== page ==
Dom Flemons, a founding member of the Carolina Chocolate Drops, left the band at the end of last year, leaving fans full of question marks as to why he'd ever leave the Grammy Award-winning group. The Drops have been an important in bringing historical traditions in African-American music back to the forefront of the music world. But Flemons simply wanted to get back to his own roots, and he's done just that with new solo album Prospect Hill.
"What I wanted to do was record an album where I was both continuing the work I did in that group, and continuing my own personal research into the oldest styles of American music," says Flemons. "I wanted to show off my individual talents as a songwriter, producer, and arranger, and I wanted to do it in a way that would appeal to fans of my previous work, but obviously I want to make sure people understand there's a different repertoire that I do when I'm playing as a solo performer."
Due out July 22, Prospect Hill is Flemons' third solo record. On it, he shows his skills on the four-string banjo, guitar, harmonica, jug, and bones (yep, animal bones), but Flemons also gets back in touch with his long-time passion of songwriting.
"I started out writing all my own songs at first for about four or five years, and I did performance poetry for a while, so I learned different ways to write," he says. "I also got a degree in English, so I have a lot of experience with writing, but I didn't focus particularly on songwriting for about 10 years in most of my time with the Carolina Chocolate Drops. And so when I came into doing this record, I just grabbed some of my old notebooks of songs that I had written that I just had never put out there."
And once Flemons got back into the flow of writing songs, the only thing he tried to focus on was meeting or exceeding his own admittedly high standards, rather than trying to worry about anybody else's.
"People get caught up in the hang-up about how the music they perform on stage has to be reflective of every aspect of their fandom, but I've learned to turn that off," Flemons says. "It's just a mental head trip I've learned to get out of because when I'm writing a song, I try to write a song that is easy for people to understand and that other people might be interested in learning. I try to be very strict with myself to think, 'Well, what would I as a fan enjoy?' I've got pretty high standards. I'm very exacting."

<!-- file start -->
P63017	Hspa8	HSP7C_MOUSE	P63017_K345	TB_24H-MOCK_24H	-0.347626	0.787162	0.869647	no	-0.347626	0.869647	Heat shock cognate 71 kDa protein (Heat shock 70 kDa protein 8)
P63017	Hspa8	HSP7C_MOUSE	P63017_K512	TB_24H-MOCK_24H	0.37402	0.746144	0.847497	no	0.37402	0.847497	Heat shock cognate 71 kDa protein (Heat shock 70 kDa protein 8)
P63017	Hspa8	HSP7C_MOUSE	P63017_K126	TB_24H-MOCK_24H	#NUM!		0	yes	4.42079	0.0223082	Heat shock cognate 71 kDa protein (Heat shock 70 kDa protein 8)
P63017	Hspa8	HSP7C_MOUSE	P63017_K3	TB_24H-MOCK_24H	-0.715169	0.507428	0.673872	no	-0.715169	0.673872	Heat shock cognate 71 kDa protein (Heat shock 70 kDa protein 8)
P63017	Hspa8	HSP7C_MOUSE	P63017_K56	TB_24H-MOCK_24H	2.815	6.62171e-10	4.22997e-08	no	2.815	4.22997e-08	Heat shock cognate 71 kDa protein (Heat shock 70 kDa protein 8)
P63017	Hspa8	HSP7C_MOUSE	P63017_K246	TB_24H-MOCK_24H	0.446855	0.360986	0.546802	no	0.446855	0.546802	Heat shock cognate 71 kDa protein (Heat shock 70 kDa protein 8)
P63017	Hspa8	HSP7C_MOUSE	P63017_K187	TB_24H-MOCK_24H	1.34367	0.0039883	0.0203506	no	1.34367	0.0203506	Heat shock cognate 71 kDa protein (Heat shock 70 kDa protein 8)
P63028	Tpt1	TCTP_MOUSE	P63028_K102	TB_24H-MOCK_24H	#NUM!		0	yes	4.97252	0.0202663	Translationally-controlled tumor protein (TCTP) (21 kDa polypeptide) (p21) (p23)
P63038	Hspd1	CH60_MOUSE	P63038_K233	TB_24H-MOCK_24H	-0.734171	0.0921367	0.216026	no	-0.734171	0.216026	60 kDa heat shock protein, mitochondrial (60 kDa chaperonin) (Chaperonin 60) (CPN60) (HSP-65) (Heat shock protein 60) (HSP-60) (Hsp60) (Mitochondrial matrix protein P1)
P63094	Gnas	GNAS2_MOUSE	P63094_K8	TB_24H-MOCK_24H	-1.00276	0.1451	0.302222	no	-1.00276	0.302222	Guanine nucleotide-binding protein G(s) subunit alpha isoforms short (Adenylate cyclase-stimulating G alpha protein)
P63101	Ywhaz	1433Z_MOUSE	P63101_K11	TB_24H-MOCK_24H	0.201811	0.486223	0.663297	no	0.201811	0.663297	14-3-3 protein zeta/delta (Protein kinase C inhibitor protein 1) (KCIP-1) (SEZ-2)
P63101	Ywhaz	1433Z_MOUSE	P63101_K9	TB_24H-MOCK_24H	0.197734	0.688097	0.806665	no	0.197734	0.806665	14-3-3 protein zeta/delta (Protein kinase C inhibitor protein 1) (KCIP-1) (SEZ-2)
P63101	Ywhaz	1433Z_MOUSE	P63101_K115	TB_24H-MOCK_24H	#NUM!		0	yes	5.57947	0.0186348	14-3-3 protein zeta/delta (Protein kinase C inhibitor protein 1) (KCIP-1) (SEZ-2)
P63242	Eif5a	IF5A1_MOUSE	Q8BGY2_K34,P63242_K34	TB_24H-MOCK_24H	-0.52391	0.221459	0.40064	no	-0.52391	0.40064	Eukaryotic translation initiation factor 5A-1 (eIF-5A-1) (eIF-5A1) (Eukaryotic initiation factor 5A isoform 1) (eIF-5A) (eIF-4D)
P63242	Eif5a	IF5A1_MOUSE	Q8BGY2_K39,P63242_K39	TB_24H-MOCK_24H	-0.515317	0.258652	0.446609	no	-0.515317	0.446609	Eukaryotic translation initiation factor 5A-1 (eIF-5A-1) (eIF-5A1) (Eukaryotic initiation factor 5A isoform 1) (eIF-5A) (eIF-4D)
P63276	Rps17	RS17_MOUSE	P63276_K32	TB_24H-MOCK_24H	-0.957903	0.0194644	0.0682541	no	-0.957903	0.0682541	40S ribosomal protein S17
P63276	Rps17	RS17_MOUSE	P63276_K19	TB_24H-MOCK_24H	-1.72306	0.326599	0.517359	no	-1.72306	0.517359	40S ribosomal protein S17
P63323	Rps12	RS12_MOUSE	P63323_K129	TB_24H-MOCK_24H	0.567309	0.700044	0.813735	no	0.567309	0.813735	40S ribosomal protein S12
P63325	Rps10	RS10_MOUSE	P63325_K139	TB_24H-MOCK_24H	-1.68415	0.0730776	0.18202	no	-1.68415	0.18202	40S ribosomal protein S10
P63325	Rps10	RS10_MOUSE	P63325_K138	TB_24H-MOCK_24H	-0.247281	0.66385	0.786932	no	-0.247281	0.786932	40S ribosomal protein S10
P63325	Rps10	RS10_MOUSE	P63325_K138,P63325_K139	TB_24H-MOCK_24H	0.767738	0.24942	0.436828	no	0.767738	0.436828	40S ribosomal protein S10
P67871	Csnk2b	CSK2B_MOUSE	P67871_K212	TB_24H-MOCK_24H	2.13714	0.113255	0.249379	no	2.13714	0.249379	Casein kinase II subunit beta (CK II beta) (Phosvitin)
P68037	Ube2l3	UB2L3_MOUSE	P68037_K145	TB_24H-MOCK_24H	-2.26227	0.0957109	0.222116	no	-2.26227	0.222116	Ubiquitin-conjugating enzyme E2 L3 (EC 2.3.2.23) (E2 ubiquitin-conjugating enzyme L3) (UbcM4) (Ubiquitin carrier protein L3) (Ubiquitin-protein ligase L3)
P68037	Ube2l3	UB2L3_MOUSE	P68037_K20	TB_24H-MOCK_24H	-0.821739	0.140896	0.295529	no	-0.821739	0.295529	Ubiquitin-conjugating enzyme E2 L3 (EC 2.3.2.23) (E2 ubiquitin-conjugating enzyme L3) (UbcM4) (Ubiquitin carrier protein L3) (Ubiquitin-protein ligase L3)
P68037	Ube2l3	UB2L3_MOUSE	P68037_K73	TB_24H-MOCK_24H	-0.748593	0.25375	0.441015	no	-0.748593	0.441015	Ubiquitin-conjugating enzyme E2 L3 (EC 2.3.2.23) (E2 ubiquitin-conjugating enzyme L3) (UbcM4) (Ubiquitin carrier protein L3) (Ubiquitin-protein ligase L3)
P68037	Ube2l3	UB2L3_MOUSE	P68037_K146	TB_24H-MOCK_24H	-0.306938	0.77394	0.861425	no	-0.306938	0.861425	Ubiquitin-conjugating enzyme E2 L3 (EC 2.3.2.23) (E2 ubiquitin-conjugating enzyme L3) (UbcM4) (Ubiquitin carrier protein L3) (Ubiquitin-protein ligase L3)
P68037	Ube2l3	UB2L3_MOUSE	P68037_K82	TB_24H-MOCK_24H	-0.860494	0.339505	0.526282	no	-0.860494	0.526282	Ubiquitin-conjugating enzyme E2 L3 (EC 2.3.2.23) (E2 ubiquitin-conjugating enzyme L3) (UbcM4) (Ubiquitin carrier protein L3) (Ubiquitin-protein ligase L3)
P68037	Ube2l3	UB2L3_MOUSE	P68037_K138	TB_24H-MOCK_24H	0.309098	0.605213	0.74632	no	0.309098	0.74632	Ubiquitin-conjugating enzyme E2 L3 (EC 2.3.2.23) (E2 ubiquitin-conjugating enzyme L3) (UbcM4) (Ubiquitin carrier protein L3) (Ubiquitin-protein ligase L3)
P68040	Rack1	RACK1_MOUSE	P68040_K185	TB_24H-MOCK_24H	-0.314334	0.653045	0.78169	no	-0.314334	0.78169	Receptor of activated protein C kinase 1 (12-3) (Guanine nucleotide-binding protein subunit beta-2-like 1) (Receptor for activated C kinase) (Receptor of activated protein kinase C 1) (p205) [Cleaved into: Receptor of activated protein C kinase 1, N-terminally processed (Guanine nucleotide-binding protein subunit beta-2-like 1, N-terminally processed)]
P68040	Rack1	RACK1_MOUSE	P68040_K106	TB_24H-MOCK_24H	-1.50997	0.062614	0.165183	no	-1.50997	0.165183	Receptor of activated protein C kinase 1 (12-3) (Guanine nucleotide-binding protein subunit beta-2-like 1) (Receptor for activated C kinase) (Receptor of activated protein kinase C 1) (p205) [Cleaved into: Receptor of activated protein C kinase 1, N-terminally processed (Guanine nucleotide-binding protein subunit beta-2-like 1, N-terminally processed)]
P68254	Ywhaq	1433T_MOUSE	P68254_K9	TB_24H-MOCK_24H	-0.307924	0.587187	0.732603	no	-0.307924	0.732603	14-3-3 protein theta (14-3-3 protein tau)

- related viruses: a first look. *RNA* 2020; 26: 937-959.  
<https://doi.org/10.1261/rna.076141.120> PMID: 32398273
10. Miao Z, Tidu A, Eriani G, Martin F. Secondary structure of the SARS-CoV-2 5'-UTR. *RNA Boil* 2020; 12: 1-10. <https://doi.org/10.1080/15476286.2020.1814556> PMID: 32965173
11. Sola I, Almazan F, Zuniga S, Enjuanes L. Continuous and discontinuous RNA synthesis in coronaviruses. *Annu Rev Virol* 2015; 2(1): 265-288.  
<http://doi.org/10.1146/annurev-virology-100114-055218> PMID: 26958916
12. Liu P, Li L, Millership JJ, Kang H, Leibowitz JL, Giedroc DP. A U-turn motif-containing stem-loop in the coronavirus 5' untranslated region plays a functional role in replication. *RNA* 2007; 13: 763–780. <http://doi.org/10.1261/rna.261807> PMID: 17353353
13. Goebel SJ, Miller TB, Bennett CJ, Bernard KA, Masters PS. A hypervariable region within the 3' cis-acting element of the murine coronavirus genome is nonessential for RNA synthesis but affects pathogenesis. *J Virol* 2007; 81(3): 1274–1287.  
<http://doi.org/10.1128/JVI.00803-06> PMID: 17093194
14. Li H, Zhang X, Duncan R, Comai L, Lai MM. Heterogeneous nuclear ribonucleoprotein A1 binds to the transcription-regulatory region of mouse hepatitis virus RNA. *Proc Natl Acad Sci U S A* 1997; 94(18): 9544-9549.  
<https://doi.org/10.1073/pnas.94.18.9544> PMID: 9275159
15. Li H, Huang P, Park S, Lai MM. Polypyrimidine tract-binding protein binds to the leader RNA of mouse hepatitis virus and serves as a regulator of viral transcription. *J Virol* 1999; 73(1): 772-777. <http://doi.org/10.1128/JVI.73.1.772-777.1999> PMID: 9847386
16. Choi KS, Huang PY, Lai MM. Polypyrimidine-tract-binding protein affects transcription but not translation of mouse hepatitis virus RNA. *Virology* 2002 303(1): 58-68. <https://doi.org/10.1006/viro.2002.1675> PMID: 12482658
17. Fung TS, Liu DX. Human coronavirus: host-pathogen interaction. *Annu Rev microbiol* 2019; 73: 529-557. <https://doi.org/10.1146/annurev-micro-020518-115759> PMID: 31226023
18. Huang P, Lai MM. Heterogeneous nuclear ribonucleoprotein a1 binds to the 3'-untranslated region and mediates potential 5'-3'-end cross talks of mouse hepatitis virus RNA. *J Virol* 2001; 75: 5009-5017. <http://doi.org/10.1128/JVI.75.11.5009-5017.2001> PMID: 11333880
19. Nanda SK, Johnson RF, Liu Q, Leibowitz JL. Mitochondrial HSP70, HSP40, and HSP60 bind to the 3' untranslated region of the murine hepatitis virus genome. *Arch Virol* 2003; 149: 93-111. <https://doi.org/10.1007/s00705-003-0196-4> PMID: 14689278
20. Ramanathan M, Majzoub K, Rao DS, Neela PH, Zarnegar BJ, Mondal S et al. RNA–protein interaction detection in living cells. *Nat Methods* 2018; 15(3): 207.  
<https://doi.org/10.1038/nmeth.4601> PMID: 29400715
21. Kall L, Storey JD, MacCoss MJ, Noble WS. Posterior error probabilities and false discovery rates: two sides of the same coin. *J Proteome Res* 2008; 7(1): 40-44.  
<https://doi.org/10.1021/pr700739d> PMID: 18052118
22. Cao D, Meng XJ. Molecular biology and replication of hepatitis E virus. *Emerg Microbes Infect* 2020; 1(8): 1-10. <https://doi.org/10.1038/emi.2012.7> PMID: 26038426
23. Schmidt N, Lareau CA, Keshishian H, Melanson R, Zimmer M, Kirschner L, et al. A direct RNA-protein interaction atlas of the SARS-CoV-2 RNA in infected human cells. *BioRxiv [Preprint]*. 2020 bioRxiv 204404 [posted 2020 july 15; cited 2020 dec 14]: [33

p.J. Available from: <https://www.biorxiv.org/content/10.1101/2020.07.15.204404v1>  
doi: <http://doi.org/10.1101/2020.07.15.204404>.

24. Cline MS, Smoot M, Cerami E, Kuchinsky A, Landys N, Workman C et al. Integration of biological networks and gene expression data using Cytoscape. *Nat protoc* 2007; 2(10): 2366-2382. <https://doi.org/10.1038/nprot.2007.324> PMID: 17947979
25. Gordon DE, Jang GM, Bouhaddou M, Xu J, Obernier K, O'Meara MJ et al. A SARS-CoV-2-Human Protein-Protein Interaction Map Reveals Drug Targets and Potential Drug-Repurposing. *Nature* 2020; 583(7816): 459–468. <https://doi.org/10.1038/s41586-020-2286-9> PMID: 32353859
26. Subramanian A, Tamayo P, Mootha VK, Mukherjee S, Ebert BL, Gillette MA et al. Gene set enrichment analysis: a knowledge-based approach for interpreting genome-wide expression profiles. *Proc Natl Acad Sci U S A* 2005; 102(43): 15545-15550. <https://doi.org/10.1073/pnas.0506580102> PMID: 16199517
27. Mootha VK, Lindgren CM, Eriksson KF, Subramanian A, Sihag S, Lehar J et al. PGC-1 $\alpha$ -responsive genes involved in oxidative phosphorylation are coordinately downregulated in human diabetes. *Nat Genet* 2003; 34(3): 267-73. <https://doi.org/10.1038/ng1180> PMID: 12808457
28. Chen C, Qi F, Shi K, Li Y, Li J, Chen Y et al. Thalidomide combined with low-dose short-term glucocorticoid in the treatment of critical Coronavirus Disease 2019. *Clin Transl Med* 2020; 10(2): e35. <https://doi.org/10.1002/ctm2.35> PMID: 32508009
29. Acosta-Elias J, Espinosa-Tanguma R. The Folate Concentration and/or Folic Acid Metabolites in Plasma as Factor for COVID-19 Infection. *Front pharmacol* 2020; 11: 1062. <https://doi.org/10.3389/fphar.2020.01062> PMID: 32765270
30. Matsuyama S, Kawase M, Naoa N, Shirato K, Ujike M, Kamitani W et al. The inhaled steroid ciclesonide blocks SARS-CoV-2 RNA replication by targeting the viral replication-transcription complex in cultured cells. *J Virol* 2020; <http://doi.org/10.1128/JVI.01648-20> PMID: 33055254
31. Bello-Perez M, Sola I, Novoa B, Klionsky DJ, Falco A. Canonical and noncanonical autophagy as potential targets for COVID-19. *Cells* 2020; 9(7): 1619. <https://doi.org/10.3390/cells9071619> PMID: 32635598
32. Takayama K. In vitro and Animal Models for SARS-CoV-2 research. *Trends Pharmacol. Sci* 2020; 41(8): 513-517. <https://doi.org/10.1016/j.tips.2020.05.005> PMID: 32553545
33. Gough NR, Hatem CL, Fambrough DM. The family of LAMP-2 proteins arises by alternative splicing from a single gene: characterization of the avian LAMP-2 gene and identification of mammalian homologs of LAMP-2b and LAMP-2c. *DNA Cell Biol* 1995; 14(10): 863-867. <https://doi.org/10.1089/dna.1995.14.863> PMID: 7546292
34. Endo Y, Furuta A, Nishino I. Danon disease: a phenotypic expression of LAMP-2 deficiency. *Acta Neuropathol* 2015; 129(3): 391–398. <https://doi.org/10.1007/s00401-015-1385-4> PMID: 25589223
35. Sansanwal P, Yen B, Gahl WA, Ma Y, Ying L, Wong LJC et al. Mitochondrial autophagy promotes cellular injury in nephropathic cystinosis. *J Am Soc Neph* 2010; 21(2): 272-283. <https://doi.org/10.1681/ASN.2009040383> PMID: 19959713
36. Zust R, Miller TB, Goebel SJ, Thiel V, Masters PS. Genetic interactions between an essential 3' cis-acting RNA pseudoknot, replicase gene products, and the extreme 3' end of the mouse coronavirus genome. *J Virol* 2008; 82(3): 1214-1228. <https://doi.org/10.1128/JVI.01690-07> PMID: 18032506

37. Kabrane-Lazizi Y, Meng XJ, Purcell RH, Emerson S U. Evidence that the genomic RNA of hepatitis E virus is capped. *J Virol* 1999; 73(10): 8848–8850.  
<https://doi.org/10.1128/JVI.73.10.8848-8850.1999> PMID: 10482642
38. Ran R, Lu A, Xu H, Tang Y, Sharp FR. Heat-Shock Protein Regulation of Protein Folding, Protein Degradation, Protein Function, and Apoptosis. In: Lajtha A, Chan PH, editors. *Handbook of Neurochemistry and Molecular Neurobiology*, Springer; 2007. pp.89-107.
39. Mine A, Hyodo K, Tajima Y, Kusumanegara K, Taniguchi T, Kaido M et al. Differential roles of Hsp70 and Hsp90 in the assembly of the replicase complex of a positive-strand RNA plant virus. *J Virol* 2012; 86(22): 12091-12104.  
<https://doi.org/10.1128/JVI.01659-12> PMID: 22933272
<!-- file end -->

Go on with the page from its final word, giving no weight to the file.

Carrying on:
Such high standards have much to do with the fact that Flemons is a veritable encyclopedia of musical knowledge. He has done a lot of research into the history of American music, and all of that digging has led him to write songs inspired by the purer and simpler sounds of yesteryear. His digs have also given some of his songs deeper-than-expected connections to the past. For example, when noted blues musician Guy Davis came in to guest on the album, it sparked an idea in Flemons that he simply could not shake.
"He's one of the few guys that does that Sonny Terry style of harmonica," says Flemons, "and a lot of people don't know that Sonny Terry had a nephew named J.C. Buriss, who played the bones and harmonica, and the two of them played together. I'm one of the few guys who plays bones who knows who J.C. Buriss is, so I wanted Guy to do something that would reflect that very powerful style of music: just harmonica and bones." He adds, "Little statements like that, musically, can tell a very big story, so I tried to do that with this record."
However, Flemons also credits leaving the Carolina Chocolate Drops for allowing him to make a more dynamic disc. From the opening notes of the ragtime-tinged track "Till the Seas Run Dry," it's clear that Flemons is spot-on in his assessment of how he wants the album to sound; it is steeped in the same sense of musical history and tradition as the Carolina Chocolate Drops' work, but it's anything but a rehash of those works. "But They Got It Fixed Right On" is an almost entirely banjo-led ditty that is ripe for dancing to, while the countrified acoustic rock track "Have I Stayed Away Too Long?" swings like classic Elvis Presley. Musically, there is a lot of variety for listeners to dive into — though Flemons may tell you something different.
"I was kind of conservative on this one — I didn't go as crazy as I would have liked to on some of the songs — but I figured any other ideas I have I can just throw on the next record," Flemons says. "This is just the beginning for me. I feel like there are so many ideas I want to put out there."